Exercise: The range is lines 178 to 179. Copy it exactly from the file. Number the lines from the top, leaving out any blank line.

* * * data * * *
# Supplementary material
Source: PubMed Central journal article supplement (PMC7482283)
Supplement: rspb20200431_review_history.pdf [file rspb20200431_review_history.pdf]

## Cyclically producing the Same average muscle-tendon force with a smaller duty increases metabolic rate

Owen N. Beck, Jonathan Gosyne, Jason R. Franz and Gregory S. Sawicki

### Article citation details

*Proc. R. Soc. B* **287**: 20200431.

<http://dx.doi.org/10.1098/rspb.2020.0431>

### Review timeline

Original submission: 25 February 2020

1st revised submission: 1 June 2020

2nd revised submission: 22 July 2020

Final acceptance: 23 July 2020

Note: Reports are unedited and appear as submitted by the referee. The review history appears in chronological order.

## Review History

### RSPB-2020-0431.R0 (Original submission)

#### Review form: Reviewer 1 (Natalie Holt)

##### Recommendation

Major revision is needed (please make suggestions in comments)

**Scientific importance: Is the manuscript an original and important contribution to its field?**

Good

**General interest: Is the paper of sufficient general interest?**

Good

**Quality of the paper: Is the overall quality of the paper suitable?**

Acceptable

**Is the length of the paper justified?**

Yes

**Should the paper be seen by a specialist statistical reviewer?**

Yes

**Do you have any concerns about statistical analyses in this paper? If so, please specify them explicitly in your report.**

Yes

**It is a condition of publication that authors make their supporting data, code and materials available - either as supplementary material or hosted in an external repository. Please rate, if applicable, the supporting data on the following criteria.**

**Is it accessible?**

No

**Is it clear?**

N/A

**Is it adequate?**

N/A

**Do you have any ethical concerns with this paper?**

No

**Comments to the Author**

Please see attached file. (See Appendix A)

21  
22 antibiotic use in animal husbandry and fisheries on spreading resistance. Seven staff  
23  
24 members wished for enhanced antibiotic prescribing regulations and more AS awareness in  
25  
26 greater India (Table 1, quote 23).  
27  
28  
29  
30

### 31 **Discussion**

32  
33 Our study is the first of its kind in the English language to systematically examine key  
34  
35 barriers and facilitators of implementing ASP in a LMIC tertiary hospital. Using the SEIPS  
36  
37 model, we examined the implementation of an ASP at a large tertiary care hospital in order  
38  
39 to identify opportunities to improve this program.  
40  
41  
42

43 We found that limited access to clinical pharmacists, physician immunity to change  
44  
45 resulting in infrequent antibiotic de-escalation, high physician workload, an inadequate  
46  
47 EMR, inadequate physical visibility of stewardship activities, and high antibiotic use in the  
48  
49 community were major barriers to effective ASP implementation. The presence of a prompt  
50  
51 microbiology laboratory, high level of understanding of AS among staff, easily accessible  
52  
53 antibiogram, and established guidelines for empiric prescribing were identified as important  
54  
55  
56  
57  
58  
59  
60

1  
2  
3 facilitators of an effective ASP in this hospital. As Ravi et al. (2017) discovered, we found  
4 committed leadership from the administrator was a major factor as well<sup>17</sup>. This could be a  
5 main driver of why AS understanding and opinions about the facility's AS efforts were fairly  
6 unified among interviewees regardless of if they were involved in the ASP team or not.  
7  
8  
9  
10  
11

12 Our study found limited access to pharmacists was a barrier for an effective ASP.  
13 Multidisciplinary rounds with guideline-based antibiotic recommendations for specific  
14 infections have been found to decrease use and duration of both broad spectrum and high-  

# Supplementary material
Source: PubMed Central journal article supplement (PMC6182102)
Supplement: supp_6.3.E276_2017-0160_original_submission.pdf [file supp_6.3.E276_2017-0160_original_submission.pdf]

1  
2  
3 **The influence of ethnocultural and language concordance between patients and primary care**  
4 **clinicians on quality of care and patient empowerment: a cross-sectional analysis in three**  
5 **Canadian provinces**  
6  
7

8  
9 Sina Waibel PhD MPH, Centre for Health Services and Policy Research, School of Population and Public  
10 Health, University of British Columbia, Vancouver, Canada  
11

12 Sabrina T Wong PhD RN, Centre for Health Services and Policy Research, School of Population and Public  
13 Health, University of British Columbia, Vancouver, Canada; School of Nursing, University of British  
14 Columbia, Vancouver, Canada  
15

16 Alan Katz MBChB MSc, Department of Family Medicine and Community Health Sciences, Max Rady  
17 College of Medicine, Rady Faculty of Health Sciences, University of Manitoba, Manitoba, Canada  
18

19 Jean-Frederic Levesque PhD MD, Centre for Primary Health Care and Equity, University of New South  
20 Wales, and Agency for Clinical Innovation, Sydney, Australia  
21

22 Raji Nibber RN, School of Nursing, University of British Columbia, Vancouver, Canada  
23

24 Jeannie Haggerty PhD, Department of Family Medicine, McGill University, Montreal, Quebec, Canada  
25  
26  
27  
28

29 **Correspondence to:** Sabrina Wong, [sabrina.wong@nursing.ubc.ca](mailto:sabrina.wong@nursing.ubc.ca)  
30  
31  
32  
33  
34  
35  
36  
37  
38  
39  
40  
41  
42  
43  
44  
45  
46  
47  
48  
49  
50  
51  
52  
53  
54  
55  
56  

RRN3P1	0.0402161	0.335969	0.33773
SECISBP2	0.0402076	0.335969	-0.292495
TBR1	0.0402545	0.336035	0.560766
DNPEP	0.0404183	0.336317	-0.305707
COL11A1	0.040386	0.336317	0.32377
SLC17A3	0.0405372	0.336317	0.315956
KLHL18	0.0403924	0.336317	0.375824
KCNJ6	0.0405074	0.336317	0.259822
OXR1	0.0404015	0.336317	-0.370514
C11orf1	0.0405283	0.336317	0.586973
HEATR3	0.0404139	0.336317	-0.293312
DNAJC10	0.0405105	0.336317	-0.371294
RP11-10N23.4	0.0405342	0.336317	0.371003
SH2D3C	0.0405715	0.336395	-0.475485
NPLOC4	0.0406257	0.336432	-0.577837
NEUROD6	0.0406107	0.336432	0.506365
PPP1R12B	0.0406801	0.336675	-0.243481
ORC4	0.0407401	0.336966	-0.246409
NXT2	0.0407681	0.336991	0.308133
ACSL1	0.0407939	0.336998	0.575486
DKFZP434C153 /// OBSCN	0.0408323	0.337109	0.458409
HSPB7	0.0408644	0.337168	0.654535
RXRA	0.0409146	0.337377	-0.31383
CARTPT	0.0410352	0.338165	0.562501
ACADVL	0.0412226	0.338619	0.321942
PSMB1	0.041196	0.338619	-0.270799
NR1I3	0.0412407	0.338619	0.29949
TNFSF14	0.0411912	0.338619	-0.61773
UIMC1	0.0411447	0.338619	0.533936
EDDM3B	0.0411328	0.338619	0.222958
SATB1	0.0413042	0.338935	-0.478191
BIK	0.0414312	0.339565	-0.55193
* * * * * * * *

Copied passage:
RXRA	0.0409146	0.337377	-0.31383
CARTPT	0.0410352	0.338165	0.562501